“Citizen Sensing with Soil, and the Intimate Alterity of Narrative Distance”

Hoogland, Renée | from Multimedia Library Collection:

Hoogland, Renée. “Citizen Sensing with Soil, and the Intimate Alterity of Narrative Distance.” Ecocene: Cappadocia Journal of Environmental Humanities 3, no. 1 (2022): 16–28. doi:10.46863/ecocene.62.

New forms of ecological citizenship are emerging. As people wake up to an ecologically damaged world, while simultaneously experiencing the unsteady ground from which to imagine such a world, they start to take up low-cost technology to speculatively sense our surrounding ecologies. This article brings together narrative theory and environmental humanities while close-reading such a citizen sensing practice, that of Sounding Soil (2017–now). At stake in this sensing project is the elemental alterity of soil ecology that helps us to focalize a clear narrative distance between human voice and non-human mood. Going outside the analytical contours of normative environmental discourse and the ecocritical tradition, this article argues for the critical importance of narrative distance in sensing an ecology, because it subverts a logic of rendering the elemental as commensurable. How we pursue citizen sensing practices, therefore, is always premised on embodied, immersive, and discursively syncretic modes of speculative meaning-making: a sometimes uncomfortable but always critically improvisational engagement with elemental emergence. The dialectical tension between intimate sensing and narrative distance in Sounding Soil is no paradoxical story: it instead formalizes planetary narratives in which the ecology of soil materializes as a figure of alterity, not reducible to human voice. (Abstract)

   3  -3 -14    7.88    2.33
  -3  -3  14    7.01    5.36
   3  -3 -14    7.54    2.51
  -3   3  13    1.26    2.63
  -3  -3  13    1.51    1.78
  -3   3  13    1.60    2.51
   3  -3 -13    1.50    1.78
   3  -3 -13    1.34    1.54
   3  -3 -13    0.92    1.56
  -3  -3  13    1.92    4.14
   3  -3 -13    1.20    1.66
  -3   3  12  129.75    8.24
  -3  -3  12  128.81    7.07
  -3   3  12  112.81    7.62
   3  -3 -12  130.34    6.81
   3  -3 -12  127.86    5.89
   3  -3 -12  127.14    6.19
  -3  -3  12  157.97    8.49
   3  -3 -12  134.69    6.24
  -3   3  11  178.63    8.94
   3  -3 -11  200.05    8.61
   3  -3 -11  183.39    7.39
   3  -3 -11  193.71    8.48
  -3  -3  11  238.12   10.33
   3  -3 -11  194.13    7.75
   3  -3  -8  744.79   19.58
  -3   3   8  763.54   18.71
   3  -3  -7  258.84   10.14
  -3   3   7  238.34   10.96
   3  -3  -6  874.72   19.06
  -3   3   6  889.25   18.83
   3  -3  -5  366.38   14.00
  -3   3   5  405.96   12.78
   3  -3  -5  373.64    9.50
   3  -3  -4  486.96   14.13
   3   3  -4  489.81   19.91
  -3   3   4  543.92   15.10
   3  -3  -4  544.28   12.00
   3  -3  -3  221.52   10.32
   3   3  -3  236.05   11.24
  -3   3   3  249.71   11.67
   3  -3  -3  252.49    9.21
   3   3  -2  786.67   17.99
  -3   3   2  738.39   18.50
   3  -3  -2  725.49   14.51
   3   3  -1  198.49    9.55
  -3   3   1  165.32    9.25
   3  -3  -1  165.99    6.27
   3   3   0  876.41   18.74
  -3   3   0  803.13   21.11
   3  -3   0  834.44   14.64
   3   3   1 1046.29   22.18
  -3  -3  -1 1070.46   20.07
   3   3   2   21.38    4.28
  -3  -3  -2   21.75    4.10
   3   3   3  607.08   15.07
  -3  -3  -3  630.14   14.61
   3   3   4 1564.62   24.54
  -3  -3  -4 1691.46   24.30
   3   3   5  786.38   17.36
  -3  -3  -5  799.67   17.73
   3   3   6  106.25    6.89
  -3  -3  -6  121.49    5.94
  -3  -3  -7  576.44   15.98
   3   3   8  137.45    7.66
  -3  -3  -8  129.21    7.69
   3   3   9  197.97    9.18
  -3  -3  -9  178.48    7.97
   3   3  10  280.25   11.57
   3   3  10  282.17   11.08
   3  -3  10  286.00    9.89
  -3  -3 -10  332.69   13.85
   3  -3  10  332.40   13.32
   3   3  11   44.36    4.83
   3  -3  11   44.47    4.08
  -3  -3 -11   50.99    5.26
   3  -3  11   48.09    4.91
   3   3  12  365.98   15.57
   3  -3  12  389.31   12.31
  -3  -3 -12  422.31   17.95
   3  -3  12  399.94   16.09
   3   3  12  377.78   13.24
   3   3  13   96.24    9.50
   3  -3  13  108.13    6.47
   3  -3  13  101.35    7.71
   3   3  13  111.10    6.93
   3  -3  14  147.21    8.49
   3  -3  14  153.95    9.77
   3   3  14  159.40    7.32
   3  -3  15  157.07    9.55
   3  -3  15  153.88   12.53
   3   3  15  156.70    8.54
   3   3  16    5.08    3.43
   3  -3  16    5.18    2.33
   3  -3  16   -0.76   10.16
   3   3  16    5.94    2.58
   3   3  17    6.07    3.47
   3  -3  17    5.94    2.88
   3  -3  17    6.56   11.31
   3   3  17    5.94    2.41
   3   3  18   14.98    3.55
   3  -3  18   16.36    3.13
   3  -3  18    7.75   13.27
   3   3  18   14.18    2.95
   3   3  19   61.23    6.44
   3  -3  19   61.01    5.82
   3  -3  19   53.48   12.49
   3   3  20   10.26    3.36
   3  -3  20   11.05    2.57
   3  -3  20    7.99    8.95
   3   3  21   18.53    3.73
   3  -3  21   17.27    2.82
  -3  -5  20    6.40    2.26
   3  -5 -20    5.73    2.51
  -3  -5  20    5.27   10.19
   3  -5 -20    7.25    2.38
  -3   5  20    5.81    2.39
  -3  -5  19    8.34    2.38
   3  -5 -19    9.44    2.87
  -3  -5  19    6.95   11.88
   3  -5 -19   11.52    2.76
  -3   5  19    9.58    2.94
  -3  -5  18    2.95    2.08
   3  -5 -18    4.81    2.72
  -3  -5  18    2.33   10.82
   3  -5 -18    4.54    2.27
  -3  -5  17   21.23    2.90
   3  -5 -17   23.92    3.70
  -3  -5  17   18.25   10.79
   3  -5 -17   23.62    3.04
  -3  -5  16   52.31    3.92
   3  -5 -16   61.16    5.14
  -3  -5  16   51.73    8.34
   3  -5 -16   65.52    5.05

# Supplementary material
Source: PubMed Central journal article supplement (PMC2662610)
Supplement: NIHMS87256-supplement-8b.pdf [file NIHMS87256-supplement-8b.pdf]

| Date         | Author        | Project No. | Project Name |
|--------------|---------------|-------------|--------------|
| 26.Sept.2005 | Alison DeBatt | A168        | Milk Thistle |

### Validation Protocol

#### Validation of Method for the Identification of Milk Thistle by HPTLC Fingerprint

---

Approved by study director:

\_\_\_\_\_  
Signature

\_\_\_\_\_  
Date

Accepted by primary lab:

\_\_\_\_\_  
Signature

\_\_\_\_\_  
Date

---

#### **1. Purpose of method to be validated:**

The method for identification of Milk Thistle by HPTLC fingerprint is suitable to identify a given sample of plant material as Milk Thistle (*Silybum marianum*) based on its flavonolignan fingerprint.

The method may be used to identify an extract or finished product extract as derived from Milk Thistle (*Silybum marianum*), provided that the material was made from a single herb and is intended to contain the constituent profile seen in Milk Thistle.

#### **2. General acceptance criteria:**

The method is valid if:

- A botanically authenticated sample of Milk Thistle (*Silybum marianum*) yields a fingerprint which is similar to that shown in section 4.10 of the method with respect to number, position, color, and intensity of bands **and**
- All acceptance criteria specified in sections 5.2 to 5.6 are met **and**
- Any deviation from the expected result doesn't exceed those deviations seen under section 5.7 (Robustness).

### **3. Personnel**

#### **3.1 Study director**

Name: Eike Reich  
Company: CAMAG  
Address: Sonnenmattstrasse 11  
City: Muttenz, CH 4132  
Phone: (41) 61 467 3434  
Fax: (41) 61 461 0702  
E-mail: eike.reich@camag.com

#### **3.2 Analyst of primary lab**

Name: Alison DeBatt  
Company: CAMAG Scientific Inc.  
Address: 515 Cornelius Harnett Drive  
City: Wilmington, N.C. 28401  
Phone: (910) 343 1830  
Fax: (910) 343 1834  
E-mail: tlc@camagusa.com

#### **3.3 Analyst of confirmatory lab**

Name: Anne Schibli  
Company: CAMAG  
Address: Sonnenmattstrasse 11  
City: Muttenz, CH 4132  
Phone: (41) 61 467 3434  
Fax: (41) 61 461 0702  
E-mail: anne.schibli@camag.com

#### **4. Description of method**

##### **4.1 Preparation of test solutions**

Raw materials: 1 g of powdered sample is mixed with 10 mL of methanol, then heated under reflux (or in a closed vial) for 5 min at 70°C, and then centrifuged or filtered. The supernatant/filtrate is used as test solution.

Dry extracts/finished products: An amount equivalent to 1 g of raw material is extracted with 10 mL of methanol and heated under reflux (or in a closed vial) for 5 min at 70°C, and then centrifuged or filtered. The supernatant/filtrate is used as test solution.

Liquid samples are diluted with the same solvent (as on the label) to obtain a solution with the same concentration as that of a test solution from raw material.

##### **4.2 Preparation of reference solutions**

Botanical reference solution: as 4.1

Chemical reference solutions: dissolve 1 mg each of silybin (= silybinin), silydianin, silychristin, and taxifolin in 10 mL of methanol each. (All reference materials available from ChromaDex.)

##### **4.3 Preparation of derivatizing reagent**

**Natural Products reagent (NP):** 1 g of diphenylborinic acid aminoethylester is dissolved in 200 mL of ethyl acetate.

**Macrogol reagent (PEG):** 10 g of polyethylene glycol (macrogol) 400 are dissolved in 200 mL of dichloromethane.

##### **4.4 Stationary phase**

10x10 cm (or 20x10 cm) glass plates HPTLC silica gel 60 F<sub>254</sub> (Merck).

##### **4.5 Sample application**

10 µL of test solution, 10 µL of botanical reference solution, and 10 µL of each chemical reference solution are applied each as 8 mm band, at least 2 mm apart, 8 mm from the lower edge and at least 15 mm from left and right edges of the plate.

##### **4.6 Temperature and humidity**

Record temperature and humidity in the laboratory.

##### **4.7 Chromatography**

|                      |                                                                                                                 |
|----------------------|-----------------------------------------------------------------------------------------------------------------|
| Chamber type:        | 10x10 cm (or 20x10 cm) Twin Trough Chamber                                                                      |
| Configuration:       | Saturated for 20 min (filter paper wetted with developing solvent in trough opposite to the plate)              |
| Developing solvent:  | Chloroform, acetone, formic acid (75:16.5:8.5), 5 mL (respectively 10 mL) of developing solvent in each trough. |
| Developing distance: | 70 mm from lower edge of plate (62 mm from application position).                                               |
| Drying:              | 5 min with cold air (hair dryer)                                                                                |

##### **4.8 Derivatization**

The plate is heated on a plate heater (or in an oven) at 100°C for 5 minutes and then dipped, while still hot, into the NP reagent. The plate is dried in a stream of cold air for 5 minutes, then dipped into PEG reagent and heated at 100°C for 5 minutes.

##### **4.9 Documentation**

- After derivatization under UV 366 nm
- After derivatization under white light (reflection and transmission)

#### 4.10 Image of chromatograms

2022 Renée Hoogland. This work is licensed under a Creative Commons Attribution 4.0 International License.